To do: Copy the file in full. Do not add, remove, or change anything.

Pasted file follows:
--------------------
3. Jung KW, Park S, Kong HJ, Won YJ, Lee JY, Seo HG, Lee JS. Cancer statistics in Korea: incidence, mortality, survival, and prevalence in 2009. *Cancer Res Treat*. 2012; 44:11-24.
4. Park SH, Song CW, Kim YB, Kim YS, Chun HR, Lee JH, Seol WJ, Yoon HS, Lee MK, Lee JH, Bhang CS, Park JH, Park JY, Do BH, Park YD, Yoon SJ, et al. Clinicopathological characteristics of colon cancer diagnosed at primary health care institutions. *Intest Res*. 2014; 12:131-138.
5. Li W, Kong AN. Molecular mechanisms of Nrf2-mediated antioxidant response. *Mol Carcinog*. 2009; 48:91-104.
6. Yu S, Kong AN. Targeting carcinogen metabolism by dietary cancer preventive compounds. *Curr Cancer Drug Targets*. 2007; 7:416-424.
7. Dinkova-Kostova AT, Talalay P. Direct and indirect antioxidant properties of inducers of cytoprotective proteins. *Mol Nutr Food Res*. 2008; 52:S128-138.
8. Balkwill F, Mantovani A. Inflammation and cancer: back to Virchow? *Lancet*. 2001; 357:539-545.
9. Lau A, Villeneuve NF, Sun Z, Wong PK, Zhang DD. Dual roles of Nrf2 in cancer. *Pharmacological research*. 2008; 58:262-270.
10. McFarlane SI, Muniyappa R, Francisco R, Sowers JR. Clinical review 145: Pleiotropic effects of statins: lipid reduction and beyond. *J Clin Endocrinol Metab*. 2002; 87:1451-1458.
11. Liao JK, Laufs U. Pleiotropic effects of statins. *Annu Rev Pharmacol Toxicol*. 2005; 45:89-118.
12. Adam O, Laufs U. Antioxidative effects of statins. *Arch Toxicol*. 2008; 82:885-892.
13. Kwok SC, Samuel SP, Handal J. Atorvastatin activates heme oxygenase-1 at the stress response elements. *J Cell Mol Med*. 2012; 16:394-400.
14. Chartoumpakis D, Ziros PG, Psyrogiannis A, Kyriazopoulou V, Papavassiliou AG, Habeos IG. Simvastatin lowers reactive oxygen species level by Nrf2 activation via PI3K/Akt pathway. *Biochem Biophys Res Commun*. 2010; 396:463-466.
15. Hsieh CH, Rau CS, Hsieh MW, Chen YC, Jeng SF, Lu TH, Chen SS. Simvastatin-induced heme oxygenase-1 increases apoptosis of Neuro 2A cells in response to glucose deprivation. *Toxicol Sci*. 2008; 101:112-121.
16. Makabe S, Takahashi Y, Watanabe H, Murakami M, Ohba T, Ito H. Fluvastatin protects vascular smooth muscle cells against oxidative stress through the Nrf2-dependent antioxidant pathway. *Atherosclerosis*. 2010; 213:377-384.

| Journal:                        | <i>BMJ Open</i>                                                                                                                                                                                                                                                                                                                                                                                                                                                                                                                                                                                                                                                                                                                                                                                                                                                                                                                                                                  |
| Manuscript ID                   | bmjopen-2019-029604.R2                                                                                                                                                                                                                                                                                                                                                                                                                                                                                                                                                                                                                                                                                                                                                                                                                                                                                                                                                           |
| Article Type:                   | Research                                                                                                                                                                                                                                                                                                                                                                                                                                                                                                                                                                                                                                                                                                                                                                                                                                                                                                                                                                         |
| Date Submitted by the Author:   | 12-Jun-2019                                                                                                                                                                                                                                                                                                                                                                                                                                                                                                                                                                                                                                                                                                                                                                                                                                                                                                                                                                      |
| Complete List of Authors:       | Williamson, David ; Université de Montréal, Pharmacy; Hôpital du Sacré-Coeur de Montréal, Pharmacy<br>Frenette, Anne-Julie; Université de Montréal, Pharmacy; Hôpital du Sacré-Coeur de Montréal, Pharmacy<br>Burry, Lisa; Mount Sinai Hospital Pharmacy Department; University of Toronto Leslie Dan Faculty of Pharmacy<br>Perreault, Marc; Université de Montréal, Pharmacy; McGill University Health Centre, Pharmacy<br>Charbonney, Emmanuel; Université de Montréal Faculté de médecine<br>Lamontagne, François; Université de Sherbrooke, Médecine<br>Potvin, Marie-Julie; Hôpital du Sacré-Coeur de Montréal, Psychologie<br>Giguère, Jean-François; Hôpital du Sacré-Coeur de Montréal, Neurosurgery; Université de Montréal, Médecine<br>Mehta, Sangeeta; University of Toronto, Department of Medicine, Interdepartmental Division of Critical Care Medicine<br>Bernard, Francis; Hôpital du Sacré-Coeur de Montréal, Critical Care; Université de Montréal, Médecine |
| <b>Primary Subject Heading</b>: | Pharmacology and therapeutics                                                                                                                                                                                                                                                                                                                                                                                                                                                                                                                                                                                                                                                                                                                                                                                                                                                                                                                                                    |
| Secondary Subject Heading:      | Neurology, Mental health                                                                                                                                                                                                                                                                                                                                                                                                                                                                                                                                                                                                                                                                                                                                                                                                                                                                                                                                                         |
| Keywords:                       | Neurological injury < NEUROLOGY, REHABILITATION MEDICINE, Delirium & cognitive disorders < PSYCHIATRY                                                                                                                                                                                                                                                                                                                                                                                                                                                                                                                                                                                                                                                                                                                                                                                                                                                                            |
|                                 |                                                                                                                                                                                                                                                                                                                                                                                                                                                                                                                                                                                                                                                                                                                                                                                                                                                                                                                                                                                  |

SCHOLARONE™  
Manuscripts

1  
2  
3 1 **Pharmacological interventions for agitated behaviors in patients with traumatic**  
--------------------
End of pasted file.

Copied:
3. Jung KW, Park S, Kong HJ, Won YJ, Lee JY, Seo HG, Lee JS. Cancer statistics in Korea: incidence, mortality, survival, and prevalence in 2009. *Cancer Res Treat*. 2012; 44:11-24.
4. Park SH, Song CW, Kim YB, Kim YS, Chun HR, Lee JH, Seol WJ, Yoon HS, Lee MK, Lee JH, Bhang CS, Park JH, Park JY, Do BH, Park YD, Yoon SJ, et al. Clinicopathological characteristics of colon cancer diagnosed at primary health care institutions. *Intest Res*. 2014; 12:131-138.
5. Li W, Kong AN. Molecular mechanisms of Nrf2-mediated antioxidant response. *Mol Carcinog*. 2009; 48:91-104.
6. Yu S, Kong AN. Targeting carcinogen metabolism by dietary cancer preventive compounds. *Curr Cancer Drug Targets*. 2007; 7:416-424.
7. Dinkova-Kostova AT, Talalay P. Direct and indirect antioxidant properties of inducers of cytoprotective proteins. *Mol Nutr Food Res*. 2008; 52:S128-138.
8. Balkwill F, Mantovani A. Inflammation and cancer: back to Virchow? *Lancet*. 2001; 357:539-545.
9. Lau A, Villeneuve NF, Sun Z, Wong PK, Zhang DD. Dual roles of Nrf2 in cancer. *Pharmacological research*. 2008; 58:262-270.
10. McFarlane SI, Muniyappa R, Francisco R, Sowers JR. Clinical review 145: Pleiotropic effects of statins: lipid reduction and beyond. *J Clin Endocrinol Metab*. 2002; 87:1451-1458.
11. Liao JK, Laufs U. Pleiotropic effects of statins. *Annu Rev Pharmacol Toxicol*. 2005; 45:89-118.
12. Adam O, Laufs U. Antioxidative effects of statins. *Arch Toxicol*. 2008; 82:885-892.
13. Kwok SC, Samuel SP, Handal J. Atorvastatin activates heme oxygenase-1 at the stress response elements. *J Cell Mol Med*. 2012; 16:394-400.
14. Chartoumpakis D, Ziros PG, Psyrogiannis A, Kyriazopoulou V, Papavassiliou AG, Habeos IG. Simvastatin lowers reactive oxygen species level by Nrf2 activation via PI3K/Akt pathway. *Biochem Biophys Res Commun*. 2010; 396:463-466.
15. Hsieh CH, Rau CS, Hsieh MW, Chen YC, Jeng SF, Lu TH, Chen SS. Simvastatin-induced heme oxygenase-1 increases apoptosis of Neuro 2A cells in response to glucose deprivation. *Toxicol Sci*. 2008; 101:112-121.
16. Makabe S, Takahashi Y, Watanabe H, Murakami M, Ohba T, Ito H. Fluvastatin protects vascular smooth muscle cells against oxidative stress through the Nrf2-dependent antioxidant pathway. *Atherosclerosis*. 2010; 213:377-384.

| Journal:                        | <i>BMJ Open</i>                                                                                                                                                                                                                                                                                                                                                                                                                                                                                                                                                                                                                                                                                                                                                                                                                                                                                                                                                                  |
| Manuscript ID                   | bmjopen-2019-029604.R2                                                                                                                                                                                                                                                                                                                                                                                                                                                                                                                                                                                                                                                                                                                                                                                                                                                                                                                                                           |
| Article Type:                   | Research                                                                                                                                                                                                                                                                                                                                                                                                                                                                                                                                                                                                                                                                                                                                                                                                                                                                                                                                                                         |
| Date Submitted by the Author:   | 12-Jun-2019                                                                                                                                                                                                                                                                                                                                                                                                                                                                                                                                                                                                                                                                                                                                                                                                                                                                                                                                                                      |
| Complete List of Authors:       | Williamson, David ; Université de Montréal, Pharmacy; Hôpital du Sacré-Coeur de Montréal, Pharmacy<br>Frenette, Anne-Julie; Université de Montréal, Pharmacy; Hôpital du Sacré-Coeur de Montréal, Pharmacy<br>Burry, Lisa; Mount Sinai Hospital Pharmacy Department; University of Toronto Leslie Dan Faculty of Pharmacy<br>Perreault, Marc; Université de Montréal, Pharmacy; McGill University Health Centre, Pharmacy<br>Charbonney, Emmanuel; Université de Montréal Faculté de médecine<br>Lamontagne, François; Université de Sherbrooke, Médecine<br>Potvin, Marie-Julie; Hôpital du Sacré-Coeur de Montréal, Psychologie<br>Giguère, Jean-François; Hôpital du Sacré-Coeur de Montréal, Neurosurgery; Université de Montréal, Médecine<br>Mehta, Sangeeta; University of Toronto, Department of Medicine, Interdepartmental Division of Critical Care Medicine<br>Bernard, Francis; Hôpital du Sacré-Coeur de Montréal, Critical Care; Université de Montréal, Médecine |
| <b>Primary Subject Heading</b>: | Pharmacology and therapeutics                                                                                                                                                                                                                                                                                                                                                                                                                                                                                                                                                                                                                                                                                                                                                                                                                                                                                                                                                    |
| Secondary Subject Heading:      | Neurology, Mental health                                                                                                                                                                                                                                                                                                                                                                                                                                                                                                                                                                                                                                                                                                                                                                                                                                                                                                                                                         |
| Keywords:                       | Neurological injury < NEUROLOGY, REHABILITATION MEDICINE, Delirium & cognitive disorders < PSYCHIATRY                                                                                                                                                                                                                                                                                                                                                                                                                                                                                                                                                                                                                                                                                                                                                                                                                                                                            |
|                                 |                                                                                                                                                                                                                                                                                                                                                                                                                                                                                                                                                                                                                                                                                                                                                                                                                                                                                                                                                                                  |

SCHOLARONE™  
Manuscripts

1  
2  
3 1 **Pharmacological interventions for agitated behaviors in patients with traumatic**  